Elmiryn stared at the side of the other redhead’s face. “Thought ya’d tell me I was seein’ things?”

“What? Your world doesn’t have sky fishes?”

It took the warrior a few seconds to realize Julie was being wry. By the time she did, the moment to respond had passed and the unusual pair were guiding Elmiryn through a dark doorway that fed into a narrow hall and up a creaky set of stairs. Plastered on the graffiti walls were fliers and posters, detailing the latest shows and performances. Elmiryn recognized Julie’s face on many of them.

As they approached the third floor, the warrior had become disinterested in actually walking and laughed as the two women struggled to hold her up.

“Jesus, does she always get like this when she drinks?” Julie complained.

Molly shook her head and let Elmiryn go. The redhead collapsed to the stairs, giggling.

“This is pointless,” the brunette huffed. Looking at the walls, she stuck two fingers in her mouth and whistled.

Elmiryn pressed the heels of her palms into her eyes as she lay there lost in her mirth. Then she started to feel small, cold hands lift her up. Startled, she raised her head and looked down at her body to see the black and fluorescent people from the posters on the walls had emerged from their paper dwellings to lift her up on behalf of Molly and Julie. Stunned, the warrior looked up at the pair in question and she saw them smirking down at her.

“Look at her! I bet she still thinks she’s hallucinating!” Julie snickered.

“Uh, hey–” Elmiryn tried to move, but felt her muscles lock up. Molly’s hand was fanned open over her.

“Stay still. You’re in a time out,” the brunette said with a grin.

The small poster people, no taller than a foot, wordlessly carried Elmiryn the rest of the way. Paralyzed, the redhead could do nothing to get up or stop them. Honestly, she thought the situation was amusing, but she couldn’t help but struggle instinctually against the spell that bound her.

Finally, they stopped at a door near  the middle of the third floor hallway. Julie produced a key and unlocked the door, pushing it open. The poster people paraded Elmiryn inside and dropped her on the floor without ceremony.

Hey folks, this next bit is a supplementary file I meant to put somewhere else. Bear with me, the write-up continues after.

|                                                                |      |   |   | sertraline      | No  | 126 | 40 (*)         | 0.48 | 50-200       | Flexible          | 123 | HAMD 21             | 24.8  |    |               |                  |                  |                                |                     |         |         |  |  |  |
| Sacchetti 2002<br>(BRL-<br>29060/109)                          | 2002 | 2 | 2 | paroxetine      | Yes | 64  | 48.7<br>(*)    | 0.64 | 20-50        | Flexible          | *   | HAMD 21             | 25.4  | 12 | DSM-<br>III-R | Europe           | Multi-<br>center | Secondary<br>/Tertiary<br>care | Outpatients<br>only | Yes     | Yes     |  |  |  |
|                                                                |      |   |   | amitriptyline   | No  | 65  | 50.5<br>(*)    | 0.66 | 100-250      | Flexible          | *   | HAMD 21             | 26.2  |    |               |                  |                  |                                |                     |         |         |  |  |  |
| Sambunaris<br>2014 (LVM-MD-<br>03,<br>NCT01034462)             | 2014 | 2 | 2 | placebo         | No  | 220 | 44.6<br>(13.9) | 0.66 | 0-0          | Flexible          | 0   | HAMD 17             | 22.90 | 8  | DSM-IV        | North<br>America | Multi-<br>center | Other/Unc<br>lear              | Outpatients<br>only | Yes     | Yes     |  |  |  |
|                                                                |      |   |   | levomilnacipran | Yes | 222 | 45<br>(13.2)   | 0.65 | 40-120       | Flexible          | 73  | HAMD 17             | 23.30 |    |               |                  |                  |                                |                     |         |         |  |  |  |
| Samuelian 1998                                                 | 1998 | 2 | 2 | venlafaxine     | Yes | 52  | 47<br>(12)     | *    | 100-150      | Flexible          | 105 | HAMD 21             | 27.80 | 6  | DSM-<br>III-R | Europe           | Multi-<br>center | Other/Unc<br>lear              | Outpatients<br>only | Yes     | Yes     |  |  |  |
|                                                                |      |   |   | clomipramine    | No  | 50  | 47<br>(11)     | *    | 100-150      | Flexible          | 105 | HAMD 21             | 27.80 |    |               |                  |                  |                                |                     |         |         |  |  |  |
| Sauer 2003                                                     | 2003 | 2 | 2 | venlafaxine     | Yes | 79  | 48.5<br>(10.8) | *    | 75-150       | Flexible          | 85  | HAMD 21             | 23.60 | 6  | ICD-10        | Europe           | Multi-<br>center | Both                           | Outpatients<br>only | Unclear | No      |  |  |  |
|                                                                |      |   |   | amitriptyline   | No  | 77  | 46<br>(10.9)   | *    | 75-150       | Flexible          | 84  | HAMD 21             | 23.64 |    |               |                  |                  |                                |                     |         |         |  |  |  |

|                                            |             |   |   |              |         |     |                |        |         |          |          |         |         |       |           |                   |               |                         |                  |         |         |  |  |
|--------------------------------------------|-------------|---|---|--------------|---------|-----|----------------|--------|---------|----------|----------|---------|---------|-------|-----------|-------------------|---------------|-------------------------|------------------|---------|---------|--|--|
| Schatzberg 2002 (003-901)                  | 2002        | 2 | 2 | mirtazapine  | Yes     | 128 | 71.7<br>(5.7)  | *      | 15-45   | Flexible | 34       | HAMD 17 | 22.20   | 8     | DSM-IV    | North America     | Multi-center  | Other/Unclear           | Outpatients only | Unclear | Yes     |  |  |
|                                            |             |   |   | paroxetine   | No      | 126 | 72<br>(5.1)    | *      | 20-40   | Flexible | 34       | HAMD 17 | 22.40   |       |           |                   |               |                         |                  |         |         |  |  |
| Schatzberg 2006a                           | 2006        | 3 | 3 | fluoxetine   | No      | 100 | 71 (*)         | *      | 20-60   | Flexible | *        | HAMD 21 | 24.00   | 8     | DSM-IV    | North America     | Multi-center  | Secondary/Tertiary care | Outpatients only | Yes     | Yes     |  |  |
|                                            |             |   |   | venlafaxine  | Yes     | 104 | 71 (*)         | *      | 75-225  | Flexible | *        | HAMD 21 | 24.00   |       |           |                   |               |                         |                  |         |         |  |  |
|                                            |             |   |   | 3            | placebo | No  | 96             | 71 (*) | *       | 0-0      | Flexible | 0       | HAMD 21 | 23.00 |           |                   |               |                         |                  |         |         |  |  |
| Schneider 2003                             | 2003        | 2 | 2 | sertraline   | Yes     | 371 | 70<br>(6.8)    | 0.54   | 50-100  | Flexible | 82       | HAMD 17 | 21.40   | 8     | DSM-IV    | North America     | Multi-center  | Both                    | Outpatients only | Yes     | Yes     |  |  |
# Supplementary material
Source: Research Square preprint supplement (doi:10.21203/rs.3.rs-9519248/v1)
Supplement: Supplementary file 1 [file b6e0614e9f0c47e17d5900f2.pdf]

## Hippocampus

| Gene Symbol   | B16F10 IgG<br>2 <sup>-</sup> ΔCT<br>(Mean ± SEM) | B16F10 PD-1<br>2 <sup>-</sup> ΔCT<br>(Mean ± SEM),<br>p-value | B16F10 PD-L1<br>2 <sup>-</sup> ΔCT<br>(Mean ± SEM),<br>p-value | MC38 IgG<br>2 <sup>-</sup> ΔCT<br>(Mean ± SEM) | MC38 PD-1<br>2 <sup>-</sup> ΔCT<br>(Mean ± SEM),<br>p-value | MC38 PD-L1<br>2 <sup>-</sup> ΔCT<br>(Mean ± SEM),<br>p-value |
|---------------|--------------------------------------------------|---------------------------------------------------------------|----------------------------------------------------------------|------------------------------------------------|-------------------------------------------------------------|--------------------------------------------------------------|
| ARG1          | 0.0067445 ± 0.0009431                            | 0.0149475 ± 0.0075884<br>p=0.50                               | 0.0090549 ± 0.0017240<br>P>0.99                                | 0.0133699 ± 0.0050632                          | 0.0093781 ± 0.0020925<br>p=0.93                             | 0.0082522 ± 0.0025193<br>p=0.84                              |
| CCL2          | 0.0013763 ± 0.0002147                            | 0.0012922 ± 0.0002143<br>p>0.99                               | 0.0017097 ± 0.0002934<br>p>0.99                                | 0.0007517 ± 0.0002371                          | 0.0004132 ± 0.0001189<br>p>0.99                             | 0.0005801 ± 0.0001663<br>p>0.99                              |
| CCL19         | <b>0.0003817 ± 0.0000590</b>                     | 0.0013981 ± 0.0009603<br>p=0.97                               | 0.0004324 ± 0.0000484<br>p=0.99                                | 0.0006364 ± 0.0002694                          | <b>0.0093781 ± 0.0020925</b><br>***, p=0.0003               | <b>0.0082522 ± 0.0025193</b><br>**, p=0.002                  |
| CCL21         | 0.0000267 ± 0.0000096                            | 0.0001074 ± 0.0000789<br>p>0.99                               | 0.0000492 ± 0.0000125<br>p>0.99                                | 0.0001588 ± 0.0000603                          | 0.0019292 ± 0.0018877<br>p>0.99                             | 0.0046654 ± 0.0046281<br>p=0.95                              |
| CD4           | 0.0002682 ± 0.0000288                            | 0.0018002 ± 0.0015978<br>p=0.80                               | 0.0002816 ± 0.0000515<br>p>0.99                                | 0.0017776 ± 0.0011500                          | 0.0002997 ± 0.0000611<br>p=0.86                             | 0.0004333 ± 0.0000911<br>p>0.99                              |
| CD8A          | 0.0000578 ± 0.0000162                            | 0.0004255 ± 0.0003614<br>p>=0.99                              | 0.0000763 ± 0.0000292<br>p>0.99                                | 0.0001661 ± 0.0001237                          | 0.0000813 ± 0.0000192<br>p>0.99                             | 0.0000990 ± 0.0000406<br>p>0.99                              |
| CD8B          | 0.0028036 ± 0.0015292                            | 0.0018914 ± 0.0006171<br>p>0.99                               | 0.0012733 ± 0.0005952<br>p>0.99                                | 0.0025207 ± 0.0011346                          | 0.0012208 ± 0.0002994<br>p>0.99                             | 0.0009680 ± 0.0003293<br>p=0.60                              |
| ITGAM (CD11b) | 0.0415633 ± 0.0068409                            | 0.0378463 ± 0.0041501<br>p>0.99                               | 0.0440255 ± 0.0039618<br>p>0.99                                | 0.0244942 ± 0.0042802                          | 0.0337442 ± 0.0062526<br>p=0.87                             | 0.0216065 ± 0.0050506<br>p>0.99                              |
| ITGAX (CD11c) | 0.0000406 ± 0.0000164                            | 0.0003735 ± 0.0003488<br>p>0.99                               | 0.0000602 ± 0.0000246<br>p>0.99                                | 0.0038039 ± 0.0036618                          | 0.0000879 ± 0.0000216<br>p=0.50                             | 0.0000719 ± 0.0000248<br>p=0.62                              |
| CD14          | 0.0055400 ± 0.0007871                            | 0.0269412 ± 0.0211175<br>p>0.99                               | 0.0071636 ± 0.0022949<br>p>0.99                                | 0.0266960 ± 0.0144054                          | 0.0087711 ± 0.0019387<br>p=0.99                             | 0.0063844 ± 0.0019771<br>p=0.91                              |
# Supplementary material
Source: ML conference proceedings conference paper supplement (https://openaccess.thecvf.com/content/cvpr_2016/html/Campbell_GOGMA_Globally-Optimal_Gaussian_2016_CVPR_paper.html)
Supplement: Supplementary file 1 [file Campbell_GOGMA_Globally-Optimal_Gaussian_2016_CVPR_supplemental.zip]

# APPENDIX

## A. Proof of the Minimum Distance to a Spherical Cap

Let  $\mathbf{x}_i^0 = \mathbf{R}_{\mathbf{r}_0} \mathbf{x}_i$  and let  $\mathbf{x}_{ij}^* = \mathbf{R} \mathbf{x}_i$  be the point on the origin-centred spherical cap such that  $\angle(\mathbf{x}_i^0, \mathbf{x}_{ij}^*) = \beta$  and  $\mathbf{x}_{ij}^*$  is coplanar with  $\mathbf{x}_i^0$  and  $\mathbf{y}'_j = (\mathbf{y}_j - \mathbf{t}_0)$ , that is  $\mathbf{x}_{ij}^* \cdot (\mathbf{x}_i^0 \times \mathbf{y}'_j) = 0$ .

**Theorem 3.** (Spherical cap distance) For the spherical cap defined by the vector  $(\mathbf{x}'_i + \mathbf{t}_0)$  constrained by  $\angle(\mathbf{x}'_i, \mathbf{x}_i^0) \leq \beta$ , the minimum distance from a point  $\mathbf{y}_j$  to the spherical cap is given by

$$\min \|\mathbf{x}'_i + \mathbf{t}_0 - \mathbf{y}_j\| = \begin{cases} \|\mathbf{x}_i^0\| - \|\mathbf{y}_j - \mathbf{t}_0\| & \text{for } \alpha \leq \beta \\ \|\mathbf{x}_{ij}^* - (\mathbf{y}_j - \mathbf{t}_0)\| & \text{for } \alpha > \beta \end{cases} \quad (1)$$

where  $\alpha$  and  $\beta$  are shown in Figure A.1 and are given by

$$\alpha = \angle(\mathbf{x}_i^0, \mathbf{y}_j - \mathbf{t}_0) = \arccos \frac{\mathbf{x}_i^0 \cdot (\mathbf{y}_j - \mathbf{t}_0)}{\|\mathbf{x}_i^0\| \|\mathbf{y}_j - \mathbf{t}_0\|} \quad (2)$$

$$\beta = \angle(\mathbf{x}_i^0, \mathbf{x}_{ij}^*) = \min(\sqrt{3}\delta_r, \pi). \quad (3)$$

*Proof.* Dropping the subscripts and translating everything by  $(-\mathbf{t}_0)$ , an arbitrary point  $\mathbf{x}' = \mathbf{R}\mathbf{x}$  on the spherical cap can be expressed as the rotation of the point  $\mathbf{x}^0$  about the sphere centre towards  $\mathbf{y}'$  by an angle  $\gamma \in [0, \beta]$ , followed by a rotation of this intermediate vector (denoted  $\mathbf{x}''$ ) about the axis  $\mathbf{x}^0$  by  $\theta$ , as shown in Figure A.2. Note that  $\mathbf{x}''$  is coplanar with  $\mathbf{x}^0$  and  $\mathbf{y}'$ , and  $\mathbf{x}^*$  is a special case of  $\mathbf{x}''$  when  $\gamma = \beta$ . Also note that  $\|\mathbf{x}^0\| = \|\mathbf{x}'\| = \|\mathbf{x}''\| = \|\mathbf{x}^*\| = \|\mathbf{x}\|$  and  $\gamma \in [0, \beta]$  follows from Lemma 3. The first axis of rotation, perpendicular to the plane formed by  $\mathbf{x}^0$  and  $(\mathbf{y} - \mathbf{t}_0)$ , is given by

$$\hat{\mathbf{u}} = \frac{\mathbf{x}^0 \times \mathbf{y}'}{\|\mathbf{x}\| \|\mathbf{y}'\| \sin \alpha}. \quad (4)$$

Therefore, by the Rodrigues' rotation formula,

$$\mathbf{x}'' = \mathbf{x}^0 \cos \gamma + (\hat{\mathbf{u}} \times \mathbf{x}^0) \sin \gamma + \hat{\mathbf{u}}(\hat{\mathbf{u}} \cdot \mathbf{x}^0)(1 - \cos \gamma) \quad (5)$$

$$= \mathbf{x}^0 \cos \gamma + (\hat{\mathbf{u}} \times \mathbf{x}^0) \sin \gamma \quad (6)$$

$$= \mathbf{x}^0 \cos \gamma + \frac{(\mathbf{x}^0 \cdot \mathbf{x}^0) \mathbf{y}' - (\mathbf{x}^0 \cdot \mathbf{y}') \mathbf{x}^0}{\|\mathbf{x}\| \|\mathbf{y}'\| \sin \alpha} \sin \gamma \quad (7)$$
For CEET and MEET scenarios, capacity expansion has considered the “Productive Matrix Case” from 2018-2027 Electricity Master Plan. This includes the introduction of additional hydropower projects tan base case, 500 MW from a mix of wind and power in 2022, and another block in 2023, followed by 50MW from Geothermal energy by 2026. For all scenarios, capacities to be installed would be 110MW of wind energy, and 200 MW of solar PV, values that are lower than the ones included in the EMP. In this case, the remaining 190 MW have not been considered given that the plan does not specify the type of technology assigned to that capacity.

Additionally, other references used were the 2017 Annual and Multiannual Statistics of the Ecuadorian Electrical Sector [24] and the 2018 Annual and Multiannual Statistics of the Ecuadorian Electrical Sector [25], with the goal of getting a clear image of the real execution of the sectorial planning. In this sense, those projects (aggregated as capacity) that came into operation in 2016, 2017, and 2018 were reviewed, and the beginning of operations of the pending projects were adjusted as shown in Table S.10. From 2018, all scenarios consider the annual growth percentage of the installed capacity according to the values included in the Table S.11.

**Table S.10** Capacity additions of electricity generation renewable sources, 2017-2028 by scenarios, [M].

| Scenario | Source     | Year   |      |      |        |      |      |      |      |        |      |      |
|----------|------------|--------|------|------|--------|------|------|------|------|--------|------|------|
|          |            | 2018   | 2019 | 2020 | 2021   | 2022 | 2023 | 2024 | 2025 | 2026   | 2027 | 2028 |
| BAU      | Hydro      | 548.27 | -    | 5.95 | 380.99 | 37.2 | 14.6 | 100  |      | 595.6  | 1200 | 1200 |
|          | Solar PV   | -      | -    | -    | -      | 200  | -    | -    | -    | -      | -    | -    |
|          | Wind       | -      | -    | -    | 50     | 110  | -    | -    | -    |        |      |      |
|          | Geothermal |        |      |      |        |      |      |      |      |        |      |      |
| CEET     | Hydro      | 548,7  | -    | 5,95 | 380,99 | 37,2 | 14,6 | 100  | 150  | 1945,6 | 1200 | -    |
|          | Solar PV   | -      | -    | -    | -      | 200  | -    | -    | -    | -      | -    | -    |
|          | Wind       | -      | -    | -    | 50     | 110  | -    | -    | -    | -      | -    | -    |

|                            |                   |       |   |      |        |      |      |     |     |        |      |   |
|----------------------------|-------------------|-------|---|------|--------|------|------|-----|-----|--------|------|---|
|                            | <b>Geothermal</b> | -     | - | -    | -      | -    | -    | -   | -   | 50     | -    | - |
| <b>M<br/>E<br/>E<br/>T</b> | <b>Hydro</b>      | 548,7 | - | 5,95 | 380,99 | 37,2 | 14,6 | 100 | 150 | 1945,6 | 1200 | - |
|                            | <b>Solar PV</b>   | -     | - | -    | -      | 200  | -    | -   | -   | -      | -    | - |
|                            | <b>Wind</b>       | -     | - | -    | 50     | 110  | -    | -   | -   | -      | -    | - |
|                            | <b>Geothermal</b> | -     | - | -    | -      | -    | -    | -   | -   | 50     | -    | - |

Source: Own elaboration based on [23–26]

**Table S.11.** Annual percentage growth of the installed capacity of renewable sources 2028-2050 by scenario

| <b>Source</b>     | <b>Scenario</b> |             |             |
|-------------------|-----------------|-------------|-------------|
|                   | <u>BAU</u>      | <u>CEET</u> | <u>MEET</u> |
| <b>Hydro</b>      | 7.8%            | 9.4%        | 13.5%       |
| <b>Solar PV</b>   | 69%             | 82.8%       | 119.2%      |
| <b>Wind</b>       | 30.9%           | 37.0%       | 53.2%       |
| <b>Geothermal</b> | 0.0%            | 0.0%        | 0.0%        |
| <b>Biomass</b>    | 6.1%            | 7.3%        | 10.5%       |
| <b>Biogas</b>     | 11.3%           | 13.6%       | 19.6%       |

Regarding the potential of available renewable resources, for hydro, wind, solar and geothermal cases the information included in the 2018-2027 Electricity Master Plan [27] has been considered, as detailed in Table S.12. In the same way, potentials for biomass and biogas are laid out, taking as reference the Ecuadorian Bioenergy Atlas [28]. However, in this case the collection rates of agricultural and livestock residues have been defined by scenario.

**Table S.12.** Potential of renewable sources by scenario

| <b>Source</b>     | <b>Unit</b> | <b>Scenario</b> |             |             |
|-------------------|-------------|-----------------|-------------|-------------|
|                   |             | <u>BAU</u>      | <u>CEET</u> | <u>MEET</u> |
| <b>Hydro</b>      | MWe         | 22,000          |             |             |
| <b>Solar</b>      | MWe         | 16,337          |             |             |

“Thank you,” Molly said politely as they marched back out the door. Julie closed it behind them.

Elmiryn found Molly had released her, and gratefully she sat up. “That was fun! So you guys make stuff come to life or somethin’?”

“Whatever we want to happen, we can make happen,” Julie said. She crossed the room from the door to a beat up plaid couch next to the window overlooking the street. She crossed her legs and said next, “It’s easier to do stuff within our territory, but it’s much harder if we leave it. The more universal laws we break, the harder the task tends to be.”

Molly vanished down a hallway as Elmiryn stood to her feet. The warrior looked around her.

This was supposed to be Julie’s home. For a woman who was essentially a demi-god, Julie didn’t live extravagantly. Her furniture was beat up and cheap, dirty disposable plates on the coffee table from what looked like a pizza night. The walls had a smattering of more concert posters as well as rock memorabilia and counter culture art. Elmiryn thought she could smell coffee in the air, mixed with the musty smell of sweaty socks.

“Nice place,” the warrior said, just managing to keep the smirk off her face.

Julie shrugged. “It works.”

Elmiryn shook her head, and went to lean on the wall near the door. Her head felt fuzzy and her limbs heavy. She was ready for some sleep, but closing her eyes made her feel a little ill. The vertigo from the drink was kicking in.

Fae are such lightweights… the woman thought disapprovingly.

Then Molly’s voice caused Elmiryn to look up. “Elmiryn. Here’s Hakeem.”